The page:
What Does the TPS Blog Post Mean?

Initial views for different higher ed groups

Was this forwarded to you by a friend? Sign up, and get your own copy of the news that mattered sent to your inbox every week. Sign up for the On EdTech newsletter. Interested in additional analysis? It’s free through May 24, 2023. Upgrade to the On EdTech+ newsletter.

On to the update.

Yesterday I described the news from the US Department of Education, that it will revise the TPS guidance, delay the effective date for at least six months after revisions, and remove the foreign ownership exclusion provision. My focus was on the unusual (lack of) process followed by ED.

On one hand, all the changes mentioned in the blog post are improvements over the submitted [Dear Colleague Letter] DCL 23-03. On the other hand, this post clearly shows that ED plans to thread the needle and keep as many of the TPS expansions in place that they can get away with. ED is committed to the chosen approach, despite the overwhelming feedback through public comments.

The official DCL has not yet been updated. I will say that if ED thinks a blog post clarification of regulatory guidance is sufficient, rather than rescinding or updating the DCL itself, then we will have another mistake to contend with. I hope I am wrong, but it looks like ED is just winging it with process, trying to buy time until they can revise the DCL but keep as much as possible. This introduction of blog posts into the mix is ridiculous. Institutions and vendors need clarity, not additional contradictory informal statements. Hopefully the actual revision process will go through negotiated rulemaking.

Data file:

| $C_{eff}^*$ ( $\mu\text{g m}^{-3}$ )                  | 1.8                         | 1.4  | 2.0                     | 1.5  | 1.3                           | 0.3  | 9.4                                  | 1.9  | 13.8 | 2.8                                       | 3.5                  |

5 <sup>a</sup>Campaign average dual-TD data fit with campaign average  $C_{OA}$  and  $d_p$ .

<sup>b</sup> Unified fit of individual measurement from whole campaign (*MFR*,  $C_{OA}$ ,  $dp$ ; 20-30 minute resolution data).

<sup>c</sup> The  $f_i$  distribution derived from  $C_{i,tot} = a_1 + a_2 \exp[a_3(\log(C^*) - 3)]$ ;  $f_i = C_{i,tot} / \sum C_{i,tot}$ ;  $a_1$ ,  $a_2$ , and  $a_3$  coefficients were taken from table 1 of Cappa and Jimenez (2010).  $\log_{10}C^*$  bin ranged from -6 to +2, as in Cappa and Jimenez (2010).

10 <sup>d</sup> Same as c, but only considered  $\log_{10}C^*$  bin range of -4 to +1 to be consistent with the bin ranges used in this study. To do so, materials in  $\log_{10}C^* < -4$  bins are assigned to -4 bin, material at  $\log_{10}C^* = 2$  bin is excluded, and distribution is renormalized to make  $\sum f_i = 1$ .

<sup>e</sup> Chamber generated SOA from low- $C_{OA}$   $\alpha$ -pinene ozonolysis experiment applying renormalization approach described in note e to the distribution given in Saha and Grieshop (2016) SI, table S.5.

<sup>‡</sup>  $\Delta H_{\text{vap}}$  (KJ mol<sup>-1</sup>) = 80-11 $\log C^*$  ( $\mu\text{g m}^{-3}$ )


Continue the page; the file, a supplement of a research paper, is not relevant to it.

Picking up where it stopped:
Anyone reading the actual DCL will see that the guidance is still in effect, with an effective date of September 1st. Anyone reading the informal blog post will see that the guidance will change, with an indeterminate effective date. Good luck sorting that out with your lawyers.

What does this news mean for various higher ed organizations? Here are my initial thoughts.

Study Abroad and International Student Recruitment programs are the biggest winners, as the blog post directly states that these programs are out of scope. Furthermore, it is clear that ED is leveraging this reduction in scope as a political win, by removing the concern behind “hundreds of comments.” At Inside Higher Ed, Greg Hess, president of IES Abroad, stated ““The case is closed for us … It’s a little like Christmas Day.”

D2L is the second biggest winner, as they are non-US owned and operated, “learning management” is explicitly called out in the DCL, and its biggest competitors are US-based. D2L had the most to lose, as it effectively would have been locked out of the US higher ed market (its largest) without a legal fight. With yesterday’s news, D2L no longer is locked out, and they are on the same footing as their US-based competitors. While D2L has taken a strong position (including an update yesterday) saying that TPS guidance does not apply to them, I doubt that many institutions doing an LMS evaluation would have trust that judgement pre-blog. Now it is (apparently) a moot point.

Subscribe to On EdTech+ to read the rest.

Become a paying subscriber of On EdTech+ to get access to this post and other subscriber-only content.

Already a paying subscriber? Sign In

A subscription gets you:
New content 3-4 times per week
Shared Q&A discussions
More coming soon